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June 4, 2013

Robert Leon Wilkins
U.S. District Court Judge Robert Leon Wilkins. Maryland State
Police stopped Wilkins because he was a black man driving
a new car. President Obama nominated Wilkins to the
D.C. Circuit Court of Appeals.

Appeals Court Nominee Was 'Driving While Black' Plaintiff

by Frederick H. Lowe
U.S. District Judge Robert Leon Wilkins, who was nominated today to fill one of three vacancies on the federal appeals court in Washington, was once stopped by Maryland State Police officers. That incident led to a landmark case concerning racial profiling of black-male drivers from which the phrase "driving while black" was coined and popularized.

Wilkins, who currently sits on the U.S. District Court for the District of Columbia, was nominated for the U.S. Court of Appeals for the District of Columbia Circuit, which is considered the second-most powerful court in the land after the U.S. Supreme Court.

President Barack Obama also announced the nominations of Patricia Ann Millett and Cornelia Pillard on Tuesday during a ceremony in the White House Rose Garden. Pillard is a Georgetown University Law School professor, and Millet is an appeals court attorney, based in Washington.

Wilkins, Millett and Pillar will fill three vacancies on the Court of Appeals for the D.C. circuit, and their nominations are expected to set off a battle between the White House and Senate Republicans who don't think the vacancies need to be filled. Sen. Charles Grassley, the Republican-ranking member on the Judiciary Committee, has voted to eliminate one seat, move a second one to Atlanta and move a third to New York.

The nominees are not expected to raise much objection. Millet worked in the administration of George W. Bush, and the Senate unanimously confirmed Wilkins during Obama's first term.

Wilkins, a Harvard Law School graduate and a native of Indiana, made legal history in 2008, when he and family members, who were riding in a rented vehicle, were pulled over by Maryland State Police for speeding.  As it turned out,  police were ordered to make traffic stops of  black men driving expensive cars because they were believed to be drug couriers.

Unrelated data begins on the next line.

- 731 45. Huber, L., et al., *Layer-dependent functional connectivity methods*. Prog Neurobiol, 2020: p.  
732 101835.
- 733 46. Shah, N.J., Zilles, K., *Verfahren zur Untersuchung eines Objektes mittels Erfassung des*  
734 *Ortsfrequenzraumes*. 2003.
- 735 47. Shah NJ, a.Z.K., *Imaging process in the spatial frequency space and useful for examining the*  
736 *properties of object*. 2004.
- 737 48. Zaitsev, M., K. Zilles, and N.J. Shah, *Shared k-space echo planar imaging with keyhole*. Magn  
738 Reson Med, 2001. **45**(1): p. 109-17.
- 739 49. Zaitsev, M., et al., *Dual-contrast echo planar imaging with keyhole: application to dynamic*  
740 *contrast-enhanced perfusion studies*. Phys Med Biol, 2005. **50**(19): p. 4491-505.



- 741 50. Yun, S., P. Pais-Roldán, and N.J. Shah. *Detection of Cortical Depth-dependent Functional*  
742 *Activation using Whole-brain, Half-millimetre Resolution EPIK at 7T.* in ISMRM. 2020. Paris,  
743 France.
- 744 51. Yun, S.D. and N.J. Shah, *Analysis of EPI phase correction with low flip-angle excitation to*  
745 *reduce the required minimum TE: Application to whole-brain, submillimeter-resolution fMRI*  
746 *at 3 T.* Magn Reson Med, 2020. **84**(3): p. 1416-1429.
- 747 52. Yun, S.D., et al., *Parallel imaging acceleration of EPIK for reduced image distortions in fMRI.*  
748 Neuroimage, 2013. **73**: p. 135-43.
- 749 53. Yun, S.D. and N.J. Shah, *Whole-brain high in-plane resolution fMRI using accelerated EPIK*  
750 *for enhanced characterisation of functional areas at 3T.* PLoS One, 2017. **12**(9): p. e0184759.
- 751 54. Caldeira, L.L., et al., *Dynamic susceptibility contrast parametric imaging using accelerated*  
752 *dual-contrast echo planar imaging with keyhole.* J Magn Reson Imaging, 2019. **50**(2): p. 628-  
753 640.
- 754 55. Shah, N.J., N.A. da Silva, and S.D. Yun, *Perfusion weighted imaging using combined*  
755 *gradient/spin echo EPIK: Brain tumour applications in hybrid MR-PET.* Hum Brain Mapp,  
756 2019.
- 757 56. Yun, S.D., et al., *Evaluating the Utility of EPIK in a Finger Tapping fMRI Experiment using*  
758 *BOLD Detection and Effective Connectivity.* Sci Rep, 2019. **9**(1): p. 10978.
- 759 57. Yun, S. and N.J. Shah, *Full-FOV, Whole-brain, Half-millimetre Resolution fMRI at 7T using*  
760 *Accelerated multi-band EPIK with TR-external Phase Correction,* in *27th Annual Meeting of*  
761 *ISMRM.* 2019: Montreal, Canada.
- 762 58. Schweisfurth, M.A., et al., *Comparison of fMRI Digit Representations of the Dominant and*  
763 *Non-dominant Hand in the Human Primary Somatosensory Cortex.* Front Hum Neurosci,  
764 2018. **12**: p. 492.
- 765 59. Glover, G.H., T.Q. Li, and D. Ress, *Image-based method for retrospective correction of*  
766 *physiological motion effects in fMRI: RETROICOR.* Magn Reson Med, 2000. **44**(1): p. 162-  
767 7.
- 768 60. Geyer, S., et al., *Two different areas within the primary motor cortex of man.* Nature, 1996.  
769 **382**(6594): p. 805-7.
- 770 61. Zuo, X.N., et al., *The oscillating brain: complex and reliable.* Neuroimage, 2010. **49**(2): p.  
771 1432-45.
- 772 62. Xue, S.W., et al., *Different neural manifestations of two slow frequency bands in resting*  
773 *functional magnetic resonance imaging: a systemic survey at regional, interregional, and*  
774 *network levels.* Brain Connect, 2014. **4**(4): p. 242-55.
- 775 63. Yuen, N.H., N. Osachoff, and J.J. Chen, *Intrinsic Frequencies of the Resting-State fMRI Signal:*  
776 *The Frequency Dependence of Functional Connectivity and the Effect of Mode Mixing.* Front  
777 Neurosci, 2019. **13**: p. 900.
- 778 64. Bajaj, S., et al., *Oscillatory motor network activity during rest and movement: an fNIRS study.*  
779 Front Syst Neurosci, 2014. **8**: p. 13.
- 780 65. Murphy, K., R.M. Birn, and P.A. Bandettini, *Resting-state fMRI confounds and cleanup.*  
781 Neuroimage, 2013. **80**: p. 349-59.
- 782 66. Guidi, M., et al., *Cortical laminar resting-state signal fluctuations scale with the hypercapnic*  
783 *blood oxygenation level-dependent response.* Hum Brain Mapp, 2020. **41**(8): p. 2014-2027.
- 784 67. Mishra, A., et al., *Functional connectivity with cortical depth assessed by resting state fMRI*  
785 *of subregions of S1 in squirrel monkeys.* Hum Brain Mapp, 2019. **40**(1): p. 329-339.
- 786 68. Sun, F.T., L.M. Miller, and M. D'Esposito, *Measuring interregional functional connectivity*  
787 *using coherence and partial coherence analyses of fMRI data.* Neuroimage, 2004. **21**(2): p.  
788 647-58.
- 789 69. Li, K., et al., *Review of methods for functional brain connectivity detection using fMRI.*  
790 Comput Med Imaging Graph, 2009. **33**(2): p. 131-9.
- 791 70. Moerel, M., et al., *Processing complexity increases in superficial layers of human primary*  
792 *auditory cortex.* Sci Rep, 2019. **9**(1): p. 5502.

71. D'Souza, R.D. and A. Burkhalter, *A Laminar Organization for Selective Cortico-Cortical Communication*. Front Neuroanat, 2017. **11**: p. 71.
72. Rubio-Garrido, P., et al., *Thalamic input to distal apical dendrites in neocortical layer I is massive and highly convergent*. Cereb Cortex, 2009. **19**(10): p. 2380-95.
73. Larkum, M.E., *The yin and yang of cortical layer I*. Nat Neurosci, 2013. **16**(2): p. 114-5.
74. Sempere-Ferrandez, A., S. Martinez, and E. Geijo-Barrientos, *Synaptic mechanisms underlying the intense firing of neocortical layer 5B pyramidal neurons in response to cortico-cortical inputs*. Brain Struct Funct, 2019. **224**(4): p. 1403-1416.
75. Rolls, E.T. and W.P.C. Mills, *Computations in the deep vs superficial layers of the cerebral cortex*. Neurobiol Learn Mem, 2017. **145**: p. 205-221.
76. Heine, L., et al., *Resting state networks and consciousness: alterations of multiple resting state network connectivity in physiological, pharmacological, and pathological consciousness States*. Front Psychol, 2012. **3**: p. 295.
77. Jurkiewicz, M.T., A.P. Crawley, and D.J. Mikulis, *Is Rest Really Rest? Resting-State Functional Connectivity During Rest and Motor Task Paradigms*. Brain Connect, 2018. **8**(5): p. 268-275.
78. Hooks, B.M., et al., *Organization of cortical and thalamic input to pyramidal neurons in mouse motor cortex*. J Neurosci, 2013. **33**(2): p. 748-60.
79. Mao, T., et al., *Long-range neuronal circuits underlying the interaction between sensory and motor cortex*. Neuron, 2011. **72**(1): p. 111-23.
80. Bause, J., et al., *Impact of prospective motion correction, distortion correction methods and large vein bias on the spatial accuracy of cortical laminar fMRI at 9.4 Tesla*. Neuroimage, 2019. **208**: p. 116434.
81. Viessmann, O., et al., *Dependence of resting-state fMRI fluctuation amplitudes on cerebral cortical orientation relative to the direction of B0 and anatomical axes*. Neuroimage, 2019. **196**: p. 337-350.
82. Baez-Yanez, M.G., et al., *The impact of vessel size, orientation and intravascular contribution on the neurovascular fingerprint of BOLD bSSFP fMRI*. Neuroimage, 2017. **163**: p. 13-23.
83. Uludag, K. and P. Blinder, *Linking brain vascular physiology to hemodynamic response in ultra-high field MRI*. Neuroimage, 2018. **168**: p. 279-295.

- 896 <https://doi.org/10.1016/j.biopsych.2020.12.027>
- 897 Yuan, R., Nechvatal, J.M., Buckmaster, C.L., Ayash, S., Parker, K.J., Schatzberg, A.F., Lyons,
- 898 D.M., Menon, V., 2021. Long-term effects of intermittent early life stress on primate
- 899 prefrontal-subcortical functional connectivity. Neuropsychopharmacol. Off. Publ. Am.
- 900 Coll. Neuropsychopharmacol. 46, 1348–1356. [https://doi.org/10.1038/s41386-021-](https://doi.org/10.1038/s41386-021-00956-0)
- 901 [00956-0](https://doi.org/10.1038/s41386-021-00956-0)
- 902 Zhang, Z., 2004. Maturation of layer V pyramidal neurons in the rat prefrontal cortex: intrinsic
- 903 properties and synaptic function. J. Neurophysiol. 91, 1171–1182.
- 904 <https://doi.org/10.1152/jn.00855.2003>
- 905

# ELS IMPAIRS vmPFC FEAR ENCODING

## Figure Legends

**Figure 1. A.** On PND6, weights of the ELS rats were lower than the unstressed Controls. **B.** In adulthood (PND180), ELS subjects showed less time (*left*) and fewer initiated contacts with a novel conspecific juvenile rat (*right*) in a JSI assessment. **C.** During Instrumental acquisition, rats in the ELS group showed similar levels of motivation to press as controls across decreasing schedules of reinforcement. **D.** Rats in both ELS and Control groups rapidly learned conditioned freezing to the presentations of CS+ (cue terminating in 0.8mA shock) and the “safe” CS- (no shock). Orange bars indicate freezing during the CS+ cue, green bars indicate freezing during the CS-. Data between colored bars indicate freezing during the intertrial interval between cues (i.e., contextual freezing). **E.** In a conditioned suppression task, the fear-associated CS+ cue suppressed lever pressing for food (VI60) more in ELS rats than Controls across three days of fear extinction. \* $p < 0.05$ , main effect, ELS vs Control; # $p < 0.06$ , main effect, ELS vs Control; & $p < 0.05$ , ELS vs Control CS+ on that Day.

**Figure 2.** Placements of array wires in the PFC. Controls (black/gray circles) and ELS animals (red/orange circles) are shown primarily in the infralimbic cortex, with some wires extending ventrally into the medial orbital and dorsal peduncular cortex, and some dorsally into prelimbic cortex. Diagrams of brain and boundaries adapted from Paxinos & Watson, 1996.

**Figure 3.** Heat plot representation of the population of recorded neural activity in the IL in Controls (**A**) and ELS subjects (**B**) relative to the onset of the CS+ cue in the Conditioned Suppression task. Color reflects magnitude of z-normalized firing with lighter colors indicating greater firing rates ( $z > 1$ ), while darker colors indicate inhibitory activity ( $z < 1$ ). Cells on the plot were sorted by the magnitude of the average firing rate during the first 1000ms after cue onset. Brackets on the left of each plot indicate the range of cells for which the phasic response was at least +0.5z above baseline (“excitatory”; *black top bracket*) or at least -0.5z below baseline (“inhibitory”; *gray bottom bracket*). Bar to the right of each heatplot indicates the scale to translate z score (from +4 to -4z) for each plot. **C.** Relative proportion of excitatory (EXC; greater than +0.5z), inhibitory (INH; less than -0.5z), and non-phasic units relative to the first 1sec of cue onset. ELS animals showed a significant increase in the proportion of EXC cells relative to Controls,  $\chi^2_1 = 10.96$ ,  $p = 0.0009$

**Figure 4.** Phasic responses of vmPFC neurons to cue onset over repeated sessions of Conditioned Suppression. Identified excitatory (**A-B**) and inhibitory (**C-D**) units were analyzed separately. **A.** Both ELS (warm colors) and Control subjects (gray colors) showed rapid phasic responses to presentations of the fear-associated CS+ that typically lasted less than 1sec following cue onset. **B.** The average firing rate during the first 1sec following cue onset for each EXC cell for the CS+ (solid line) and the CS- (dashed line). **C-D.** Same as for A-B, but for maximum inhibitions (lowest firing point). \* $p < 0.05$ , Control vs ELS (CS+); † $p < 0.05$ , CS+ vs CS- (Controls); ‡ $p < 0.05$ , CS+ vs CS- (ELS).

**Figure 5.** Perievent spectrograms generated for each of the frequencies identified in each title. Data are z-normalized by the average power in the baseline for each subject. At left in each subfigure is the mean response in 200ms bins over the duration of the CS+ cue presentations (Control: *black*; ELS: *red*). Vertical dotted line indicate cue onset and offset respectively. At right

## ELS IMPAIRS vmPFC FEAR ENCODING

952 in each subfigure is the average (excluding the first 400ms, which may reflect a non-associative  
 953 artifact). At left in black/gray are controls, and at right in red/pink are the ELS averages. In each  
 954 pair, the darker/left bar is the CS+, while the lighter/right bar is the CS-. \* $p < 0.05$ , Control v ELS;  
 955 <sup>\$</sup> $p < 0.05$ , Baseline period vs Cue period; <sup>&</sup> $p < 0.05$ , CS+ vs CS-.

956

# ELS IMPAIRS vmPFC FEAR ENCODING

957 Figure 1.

The Maryland State police stopped, searched and detained Wilkins for no apparent reason, according to ACLU, which filed in 1993 a class-action lawsuit on Wilkins’ behalf. Police stopped Wilkins in 1992.

In 1995, the two parties entered into a settlement in which the Maryland State Police agreed to collect racial data on traffic stops in a case titled Wilkins v. Maryland State Police.

The police, however, ignored the consent decree and continued to stop and search black-male motorists. The ACLU on behalf of the Maryland NAACP filed a second lawsuit against the Maryland State Police, which was settled in April 2008.

This lawsuit resulted in two landmark settlements that were the first to require data collection for all highway drug and weapons searches. This included information regarding the race of the motorist, the justification for the search and the search's outcome.

Judge Wilkins will preside over the sentencing of former U.S. Rep. Jesse Jackson Jr., and his wife, Sandra, in a few weeks. In February, Jackson pled guilty to conspiring to commit wire fraud, mail fraud and making false statements. He admitted to conspiring to defraud his re-election campaigns of about $750,000.

Sandra pled guilty to filing false federal income-tax returns.

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